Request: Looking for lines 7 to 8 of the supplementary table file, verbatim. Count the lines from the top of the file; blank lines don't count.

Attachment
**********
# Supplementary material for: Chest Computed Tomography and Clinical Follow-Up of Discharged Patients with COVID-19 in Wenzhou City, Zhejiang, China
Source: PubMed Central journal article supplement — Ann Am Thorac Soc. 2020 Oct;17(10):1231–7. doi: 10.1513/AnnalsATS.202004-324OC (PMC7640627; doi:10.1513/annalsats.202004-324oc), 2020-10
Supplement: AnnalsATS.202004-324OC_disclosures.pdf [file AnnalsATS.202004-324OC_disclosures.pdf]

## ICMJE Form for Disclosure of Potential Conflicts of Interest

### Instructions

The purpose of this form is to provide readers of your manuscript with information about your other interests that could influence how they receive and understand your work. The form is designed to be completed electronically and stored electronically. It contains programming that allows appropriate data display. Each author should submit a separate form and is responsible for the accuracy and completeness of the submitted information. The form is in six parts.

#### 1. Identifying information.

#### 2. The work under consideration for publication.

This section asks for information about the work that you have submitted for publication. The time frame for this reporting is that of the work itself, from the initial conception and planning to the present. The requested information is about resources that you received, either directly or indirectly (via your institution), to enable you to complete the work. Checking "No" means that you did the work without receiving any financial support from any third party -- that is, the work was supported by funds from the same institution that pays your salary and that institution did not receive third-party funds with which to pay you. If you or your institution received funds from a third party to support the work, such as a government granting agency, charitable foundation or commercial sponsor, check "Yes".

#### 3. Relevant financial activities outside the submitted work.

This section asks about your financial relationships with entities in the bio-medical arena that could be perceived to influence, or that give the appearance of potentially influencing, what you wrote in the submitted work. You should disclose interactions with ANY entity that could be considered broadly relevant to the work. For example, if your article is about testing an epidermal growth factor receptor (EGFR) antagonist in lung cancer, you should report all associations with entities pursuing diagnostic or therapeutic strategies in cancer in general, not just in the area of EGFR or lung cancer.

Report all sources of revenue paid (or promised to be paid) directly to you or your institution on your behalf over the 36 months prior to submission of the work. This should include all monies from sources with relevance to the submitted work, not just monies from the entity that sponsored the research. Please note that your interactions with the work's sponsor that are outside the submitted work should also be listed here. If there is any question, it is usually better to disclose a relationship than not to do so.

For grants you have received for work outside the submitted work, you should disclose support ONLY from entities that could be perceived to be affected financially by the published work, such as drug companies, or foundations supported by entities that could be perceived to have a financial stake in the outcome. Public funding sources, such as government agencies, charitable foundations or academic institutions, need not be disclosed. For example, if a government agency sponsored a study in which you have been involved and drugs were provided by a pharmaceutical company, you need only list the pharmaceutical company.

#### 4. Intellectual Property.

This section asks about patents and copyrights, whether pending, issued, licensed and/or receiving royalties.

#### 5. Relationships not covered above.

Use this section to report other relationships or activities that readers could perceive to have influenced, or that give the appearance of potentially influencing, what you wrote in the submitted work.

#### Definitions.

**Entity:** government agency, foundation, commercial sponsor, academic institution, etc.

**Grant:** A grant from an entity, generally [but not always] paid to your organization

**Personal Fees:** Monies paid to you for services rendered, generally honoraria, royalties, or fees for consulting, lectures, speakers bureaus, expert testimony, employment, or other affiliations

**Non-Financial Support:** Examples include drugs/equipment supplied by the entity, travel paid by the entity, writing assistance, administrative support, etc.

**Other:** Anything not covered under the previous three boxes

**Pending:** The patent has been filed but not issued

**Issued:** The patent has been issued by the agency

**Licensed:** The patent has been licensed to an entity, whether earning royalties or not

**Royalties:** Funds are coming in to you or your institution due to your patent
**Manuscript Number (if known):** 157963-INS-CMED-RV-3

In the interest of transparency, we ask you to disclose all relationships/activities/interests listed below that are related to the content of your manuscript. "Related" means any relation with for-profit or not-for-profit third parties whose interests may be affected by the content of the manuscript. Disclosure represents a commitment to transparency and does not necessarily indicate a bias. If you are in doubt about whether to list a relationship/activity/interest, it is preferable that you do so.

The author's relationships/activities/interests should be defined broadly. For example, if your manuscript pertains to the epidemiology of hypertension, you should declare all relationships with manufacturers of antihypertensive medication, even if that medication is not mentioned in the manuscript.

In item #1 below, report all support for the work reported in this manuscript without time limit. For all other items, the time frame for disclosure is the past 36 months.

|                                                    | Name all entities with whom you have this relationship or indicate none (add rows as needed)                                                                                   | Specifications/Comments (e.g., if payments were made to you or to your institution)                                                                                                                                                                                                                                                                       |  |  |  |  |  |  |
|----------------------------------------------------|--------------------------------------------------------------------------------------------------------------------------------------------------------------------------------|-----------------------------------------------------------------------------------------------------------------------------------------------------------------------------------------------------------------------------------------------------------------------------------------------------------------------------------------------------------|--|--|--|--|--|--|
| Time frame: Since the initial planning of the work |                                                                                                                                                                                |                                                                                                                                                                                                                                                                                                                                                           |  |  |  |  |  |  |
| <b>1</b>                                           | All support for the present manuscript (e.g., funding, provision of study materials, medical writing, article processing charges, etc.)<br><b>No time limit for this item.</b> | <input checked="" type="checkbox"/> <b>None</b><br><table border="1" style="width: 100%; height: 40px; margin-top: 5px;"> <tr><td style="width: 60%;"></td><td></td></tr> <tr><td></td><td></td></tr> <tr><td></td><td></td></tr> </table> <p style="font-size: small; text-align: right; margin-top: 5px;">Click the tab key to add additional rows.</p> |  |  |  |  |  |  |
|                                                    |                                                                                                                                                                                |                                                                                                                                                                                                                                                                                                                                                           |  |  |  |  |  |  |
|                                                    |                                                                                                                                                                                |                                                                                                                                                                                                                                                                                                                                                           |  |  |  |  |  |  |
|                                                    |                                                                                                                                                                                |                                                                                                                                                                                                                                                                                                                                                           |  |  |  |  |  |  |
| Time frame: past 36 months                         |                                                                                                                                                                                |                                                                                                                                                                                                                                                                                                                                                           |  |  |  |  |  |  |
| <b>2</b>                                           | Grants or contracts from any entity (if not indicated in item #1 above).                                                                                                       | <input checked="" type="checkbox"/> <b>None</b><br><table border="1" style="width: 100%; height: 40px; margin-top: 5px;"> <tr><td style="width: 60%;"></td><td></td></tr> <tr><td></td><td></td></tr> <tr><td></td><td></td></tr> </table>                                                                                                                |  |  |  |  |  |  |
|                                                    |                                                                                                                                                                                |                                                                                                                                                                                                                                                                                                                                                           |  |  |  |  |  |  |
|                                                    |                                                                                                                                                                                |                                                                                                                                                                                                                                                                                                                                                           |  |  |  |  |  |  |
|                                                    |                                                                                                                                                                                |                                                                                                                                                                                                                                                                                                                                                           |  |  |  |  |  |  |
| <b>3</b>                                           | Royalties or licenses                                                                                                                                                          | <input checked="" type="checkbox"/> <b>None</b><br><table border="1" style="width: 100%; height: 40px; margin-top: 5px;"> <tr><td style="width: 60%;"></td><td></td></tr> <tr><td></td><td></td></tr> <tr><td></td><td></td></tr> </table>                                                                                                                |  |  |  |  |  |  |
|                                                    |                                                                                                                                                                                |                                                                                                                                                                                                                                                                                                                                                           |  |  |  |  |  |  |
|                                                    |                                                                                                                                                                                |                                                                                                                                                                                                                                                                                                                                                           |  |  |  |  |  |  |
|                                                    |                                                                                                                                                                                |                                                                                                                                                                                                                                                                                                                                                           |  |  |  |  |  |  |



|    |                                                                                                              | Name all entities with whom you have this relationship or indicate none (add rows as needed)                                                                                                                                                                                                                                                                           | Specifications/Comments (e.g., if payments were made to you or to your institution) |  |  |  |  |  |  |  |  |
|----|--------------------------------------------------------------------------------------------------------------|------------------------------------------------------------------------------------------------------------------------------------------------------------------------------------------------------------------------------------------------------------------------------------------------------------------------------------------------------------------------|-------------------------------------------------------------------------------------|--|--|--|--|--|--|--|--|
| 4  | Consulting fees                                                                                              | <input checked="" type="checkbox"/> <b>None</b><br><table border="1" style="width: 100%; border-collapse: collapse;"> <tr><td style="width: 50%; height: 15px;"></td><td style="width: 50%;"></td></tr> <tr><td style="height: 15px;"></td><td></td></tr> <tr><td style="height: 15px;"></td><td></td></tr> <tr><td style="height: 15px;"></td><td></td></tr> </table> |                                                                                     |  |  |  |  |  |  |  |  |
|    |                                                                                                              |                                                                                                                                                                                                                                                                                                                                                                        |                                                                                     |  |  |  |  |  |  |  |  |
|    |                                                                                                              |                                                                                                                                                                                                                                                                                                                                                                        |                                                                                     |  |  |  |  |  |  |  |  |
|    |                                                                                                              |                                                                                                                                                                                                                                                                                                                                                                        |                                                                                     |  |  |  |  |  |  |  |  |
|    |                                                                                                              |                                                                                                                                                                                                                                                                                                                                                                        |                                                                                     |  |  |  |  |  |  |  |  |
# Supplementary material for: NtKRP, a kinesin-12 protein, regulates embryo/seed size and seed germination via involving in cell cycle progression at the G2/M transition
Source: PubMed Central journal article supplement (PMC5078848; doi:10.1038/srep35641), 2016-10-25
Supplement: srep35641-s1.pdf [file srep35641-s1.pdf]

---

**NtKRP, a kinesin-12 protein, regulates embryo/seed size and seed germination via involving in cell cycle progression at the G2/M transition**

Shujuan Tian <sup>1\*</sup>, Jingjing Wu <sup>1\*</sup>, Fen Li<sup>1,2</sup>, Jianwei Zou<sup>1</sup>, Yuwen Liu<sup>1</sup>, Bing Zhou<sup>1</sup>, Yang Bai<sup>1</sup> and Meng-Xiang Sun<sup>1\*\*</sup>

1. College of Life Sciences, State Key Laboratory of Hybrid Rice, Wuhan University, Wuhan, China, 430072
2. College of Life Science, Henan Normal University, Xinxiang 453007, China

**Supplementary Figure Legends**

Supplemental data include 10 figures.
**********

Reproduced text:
#### 1. Identifying information.

#### 2. The work under consideration for publication.